To truly empower people to be energy citizens a better job of explaining renewables is required
Ireland is entering a decade of huge change as it embraces renewables, overhauls public transport and retrofits 500,000 homes
There is one frontier where there is marked co-operation and broad political consensus on what needs to be done quickly. That is transforming how we generate and use energy. Photograph: Getty Images
This is a time of terrible uncertainty in Ireland and throughout the world as Covid-19 continues to maintain its awful grip on economies and to make normal ways of living and doing business almost impossible.
Political polarisation in many countries compounds the difficulties as it undermines multilateralism and the ability to respond collectively to immensely challenging problems – and not just those relating to Coronavirus. Climate disruption and biodiversity loss are the most pressing of these within the context of what needs to be done this century.
There is one frontier where there is marked co-operation and broad political consensus on what needs to be done quickly. That is transforming how we generate and use energy. Minister for Climate Action Eamon Ryan has referred to it as both a clean energy and digital revolution.
There is no doubt that the digital revolution sweeping the energy sector has already begun, facilitating the “prosumer” in getting the greenest power at the cheapest cost, while assisting in the critical task of reducing carbon emissions that cause global heating.
It’s a new era marked by energy efficiency, though Ireland is not there yet. Progress in AI and computing power, reduced cost of sensors and other digital equipment, and improved connectivity are making it easier to use clean energy sources and to cut energy waste.
The European Union has flagged it intends to drive that revolution. It’s a key element in its wish to achieve net-zero carbon by 2050. It will transform how we work, how we live and heat our homes, and the form of transport we use.
The combination of the European Green Deal; putting green investment at the heart of its recovery plan post-Covid, and agreement that a major portion of its next seven-year budget is directed towards climate action will facilitate the decarbonisation of Europe.
Ireland has committed to matching that EU ambition. A target in the programme for government to cut emissions by an average of 7 per cent per year up to 2030 and endorsement of the Climate Action Plan aim to build an electricity grid capable of catering for 70 per cent renewables signal strong intent.
Obvious blockages, however, need to be addressed urgently. Planning decisions need to be processed more quickly without undermining the ability of people to raise their concerns. Equally, an immense challenge will be getting ordinary people to buy into that vision, and to recognise the benefits.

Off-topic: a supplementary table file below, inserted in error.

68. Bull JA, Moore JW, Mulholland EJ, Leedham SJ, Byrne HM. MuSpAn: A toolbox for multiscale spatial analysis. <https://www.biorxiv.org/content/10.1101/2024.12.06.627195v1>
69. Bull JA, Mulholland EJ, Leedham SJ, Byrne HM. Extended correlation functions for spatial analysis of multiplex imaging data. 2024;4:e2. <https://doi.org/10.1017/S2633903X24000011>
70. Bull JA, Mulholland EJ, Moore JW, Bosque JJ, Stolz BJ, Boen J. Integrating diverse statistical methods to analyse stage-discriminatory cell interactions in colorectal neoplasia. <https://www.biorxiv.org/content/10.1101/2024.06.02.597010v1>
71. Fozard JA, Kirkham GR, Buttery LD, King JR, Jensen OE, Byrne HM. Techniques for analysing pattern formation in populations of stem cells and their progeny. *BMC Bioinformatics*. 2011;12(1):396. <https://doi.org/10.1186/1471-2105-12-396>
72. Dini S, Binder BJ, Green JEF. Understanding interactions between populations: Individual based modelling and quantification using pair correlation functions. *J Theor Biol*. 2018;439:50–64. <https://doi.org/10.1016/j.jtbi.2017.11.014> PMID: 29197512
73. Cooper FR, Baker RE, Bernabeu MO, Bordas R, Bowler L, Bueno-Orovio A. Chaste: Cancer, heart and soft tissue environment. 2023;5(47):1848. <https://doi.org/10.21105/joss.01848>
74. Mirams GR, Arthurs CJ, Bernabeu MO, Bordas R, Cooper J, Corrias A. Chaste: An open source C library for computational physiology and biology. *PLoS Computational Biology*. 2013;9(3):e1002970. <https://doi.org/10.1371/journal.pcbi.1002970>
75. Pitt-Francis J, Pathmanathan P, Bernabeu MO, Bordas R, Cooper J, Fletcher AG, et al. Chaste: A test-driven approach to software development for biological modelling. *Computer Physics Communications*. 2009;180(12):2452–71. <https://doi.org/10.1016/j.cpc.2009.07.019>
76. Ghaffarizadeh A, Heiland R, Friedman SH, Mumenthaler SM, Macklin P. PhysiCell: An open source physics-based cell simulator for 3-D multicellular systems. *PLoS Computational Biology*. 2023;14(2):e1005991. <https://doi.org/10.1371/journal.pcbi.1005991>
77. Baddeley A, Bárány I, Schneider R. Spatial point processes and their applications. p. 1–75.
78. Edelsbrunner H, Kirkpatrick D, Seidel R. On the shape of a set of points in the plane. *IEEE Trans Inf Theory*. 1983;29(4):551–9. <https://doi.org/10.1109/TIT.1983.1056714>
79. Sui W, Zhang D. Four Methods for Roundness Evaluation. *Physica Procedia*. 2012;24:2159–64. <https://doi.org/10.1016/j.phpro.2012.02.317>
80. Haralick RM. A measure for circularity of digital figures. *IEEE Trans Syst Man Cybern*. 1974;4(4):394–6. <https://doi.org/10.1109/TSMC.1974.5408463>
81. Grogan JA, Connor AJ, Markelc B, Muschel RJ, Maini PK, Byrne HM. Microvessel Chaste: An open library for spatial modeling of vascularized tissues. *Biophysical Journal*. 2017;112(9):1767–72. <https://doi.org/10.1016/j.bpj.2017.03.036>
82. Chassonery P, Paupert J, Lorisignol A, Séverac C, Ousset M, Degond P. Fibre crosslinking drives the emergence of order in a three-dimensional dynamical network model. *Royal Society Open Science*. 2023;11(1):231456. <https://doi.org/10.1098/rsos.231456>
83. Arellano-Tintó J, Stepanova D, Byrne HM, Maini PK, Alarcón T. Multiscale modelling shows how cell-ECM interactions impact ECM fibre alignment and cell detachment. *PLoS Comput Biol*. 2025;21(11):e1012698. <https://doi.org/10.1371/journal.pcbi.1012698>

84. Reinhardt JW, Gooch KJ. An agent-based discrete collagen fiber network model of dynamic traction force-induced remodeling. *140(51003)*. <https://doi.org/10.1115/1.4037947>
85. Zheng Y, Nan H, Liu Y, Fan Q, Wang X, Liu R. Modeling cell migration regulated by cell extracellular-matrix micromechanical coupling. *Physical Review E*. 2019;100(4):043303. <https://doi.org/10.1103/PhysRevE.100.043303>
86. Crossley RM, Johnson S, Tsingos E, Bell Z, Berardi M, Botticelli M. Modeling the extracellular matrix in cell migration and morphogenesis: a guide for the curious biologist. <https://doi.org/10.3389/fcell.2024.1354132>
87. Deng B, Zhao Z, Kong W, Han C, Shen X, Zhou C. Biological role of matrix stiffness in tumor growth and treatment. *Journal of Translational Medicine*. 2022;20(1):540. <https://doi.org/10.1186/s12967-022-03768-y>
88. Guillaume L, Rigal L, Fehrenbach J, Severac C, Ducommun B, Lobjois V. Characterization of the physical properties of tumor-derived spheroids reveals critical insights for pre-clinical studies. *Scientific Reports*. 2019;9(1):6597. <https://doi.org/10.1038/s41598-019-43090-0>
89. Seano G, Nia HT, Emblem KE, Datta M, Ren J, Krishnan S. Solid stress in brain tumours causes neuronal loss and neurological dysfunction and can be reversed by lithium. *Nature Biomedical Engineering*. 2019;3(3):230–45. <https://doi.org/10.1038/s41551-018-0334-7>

To truly empower people to be energy citizens a better job of explaining renewable technologies like wind and solar power, battery storage and the need for grid reinforcement is required, while collectively contributing to addressing the unfolding climate crisis.
Having a significant community element in the recent awarding of contracts under the Renewable Electricity Support Scheme was a tangible way of putting citizens at the heart of the transition.
Science-based guidelines, however, need to be put in place on both wind (onshore and offshore) and solar developments in the interests of both developers and communities where their infrastructure may be located.
Equally critical will be the need for timely processing of grid connections backed by reassurance that the grid will have sufficient capacity to meet rising demand and increasing volumes of renewables.
If all that is achieved in coming years, Irish consumers can look forward to a significant drop in electricity prices, while renewable development projects have the potential to bring an economic lift to rural Ireland.
Ireland is entering a decade of unprecedented change in how its energy is generated and consumed as the country embraces renewables, overhauls public transport through electrification and spends billions of euro on retrofitting more than 500,000 homes to make them energy efficient.
The big aim to have almost 1 million electric vehicles (EVs) on Irish roads by 2030 has been put on the table.
Energy Revolution, the latest in a series of Irish Times magazines on decarbonisation; the move to greener power and embracing sustainability, highlights the real difficulties in scaling up actions, but also features the success stories that are a solid platform to push and to realise the considerable benefits sooner, while reducing the risk of runaway climate change.